- Grocery wholesale cooperative Central Grocers filed for Chapter 11 bankruptcy protection last week after various suppliers demanded overdue payments or more strict terms of payment, The Wall Street Journal reported.
- Earlier in the week, the wholesaler faced an alliance of four suppliers including Coca Cola, General Mills and Mars Financial Services claiming Central Grocers owed them $1.8 million. Court documents reveal the store owes over $16 million in unsecured payments to 20 suppliers overall.
- To make matters worse, Central Grocers also says current partners imposed "onerous trade terms" following news of illiquidity, further challenging the company's cash flow.
When overdue payments get out of hand, they turn from an accounting issue into a supply chain dilemma as cash flows are disrupted along the chain, further threatening operations. Unfortunately for Central Grocers, the company is an example of the impact upstream pressure can have on solvency.
The case is somewhat unique, however: Reports of suppliers getting tough with sellers have recently focused on a larger company facing unhappy, but dependent suppliers.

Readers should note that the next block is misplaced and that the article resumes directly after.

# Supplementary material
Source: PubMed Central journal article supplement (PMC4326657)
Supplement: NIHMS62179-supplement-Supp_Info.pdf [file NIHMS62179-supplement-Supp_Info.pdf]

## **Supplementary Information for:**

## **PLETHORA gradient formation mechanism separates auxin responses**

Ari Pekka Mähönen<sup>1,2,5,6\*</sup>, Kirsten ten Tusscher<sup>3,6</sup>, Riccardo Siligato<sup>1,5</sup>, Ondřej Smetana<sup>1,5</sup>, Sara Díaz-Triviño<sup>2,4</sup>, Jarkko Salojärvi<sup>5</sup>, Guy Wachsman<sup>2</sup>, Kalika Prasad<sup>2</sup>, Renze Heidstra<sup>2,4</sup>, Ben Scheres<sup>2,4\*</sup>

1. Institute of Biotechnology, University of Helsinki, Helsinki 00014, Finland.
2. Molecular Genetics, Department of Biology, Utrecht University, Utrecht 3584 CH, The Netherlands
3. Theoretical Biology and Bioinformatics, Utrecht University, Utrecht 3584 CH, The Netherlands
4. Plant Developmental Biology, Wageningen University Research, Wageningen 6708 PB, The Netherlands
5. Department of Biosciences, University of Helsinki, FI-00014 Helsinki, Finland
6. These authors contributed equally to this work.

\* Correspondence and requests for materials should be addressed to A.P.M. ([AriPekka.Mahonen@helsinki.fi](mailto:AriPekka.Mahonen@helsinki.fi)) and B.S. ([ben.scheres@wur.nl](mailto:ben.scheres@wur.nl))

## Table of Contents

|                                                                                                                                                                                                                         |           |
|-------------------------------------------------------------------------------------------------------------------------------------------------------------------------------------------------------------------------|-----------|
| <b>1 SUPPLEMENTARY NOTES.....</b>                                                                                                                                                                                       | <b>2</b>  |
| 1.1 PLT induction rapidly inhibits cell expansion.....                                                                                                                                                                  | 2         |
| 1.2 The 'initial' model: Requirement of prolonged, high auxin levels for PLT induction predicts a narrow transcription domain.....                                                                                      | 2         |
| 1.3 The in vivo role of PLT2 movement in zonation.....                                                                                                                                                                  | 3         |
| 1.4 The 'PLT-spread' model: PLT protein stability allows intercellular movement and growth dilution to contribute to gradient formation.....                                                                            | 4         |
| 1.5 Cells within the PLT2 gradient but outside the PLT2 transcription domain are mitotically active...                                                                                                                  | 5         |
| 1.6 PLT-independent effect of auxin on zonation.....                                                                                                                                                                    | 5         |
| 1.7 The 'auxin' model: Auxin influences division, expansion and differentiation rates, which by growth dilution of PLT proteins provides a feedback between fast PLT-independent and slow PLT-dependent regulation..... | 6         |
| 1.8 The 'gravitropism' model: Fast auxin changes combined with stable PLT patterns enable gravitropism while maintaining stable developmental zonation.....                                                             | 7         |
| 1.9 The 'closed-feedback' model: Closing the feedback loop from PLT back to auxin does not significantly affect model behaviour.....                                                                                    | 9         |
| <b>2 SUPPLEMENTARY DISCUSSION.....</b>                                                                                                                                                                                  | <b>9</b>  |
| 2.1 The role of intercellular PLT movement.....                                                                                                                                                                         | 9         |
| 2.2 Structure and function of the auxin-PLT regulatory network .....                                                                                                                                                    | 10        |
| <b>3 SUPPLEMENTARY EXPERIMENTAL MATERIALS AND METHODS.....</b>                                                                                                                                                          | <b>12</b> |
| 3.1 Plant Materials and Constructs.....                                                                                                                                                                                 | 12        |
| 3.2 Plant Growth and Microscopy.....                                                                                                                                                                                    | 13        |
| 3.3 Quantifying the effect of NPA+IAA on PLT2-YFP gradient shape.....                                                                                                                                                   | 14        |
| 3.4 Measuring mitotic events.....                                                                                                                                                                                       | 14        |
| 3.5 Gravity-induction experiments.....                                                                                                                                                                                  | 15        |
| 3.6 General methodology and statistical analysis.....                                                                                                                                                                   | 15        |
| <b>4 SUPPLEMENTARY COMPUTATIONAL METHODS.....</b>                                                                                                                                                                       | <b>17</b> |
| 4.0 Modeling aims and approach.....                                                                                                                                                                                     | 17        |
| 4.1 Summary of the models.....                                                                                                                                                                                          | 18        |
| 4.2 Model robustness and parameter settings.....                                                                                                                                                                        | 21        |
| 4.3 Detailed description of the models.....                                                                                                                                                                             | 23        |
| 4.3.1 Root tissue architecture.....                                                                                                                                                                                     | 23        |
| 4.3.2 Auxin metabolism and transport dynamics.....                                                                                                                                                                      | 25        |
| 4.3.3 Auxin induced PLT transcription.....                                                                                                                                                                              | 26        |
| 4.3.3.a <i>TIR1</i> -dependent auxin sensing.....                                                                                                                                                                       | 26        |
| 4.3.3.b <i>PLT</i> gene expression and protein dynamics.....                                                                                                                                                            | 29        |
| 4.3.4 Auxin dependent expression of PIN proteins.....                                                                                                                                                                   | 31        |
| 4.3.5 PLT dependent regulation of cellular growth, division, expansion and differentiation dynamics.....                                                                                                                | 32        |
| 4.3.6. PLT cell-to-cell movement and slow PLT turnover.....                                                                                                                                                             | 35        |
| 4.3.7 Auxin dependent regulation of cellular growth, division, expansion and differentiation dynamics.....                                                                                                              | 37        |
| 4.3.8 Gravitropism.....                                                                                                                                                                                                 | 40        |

Sears and Payless Shoesource are recent examples of major retailers struggling to meet terms of payments, but convincing suppliers to keep deliveries coming in order to keep shelves full and not further impact sales. While long-term suppliers may be trapped in a sinking relationship, others cautiously wade into business and — as with any other credit system — impose harsher terms to secure risk.
One reason, as Central Grocers shows, is that suppliers' credits are often unsecured and take longer to be paid off in the case of bankruptcy. It's such a common issue that in the U.K., regulations will now require public payment schedules, to help smaller companies make the case for overdue payments.
But the tables are flipped with Central Grocers as its main suppliers include independent food behemoths with significant financial and legal weight rather than small apparel factories abroad. In addition to the four mentioned above, the wholesalers' unsecured creditors include the likes of Unilever, Frito Lay, Nestle, Tyson Foods, Kraft Foods and Kelloggs.
The wholesaler's tale is a cautionary one for many reasons, but one lesson prevails throughout each case: Supplier relations can only go so far, since at some point, bills will be accounted for. How quickly may depend on the power dynamic within the industry, however.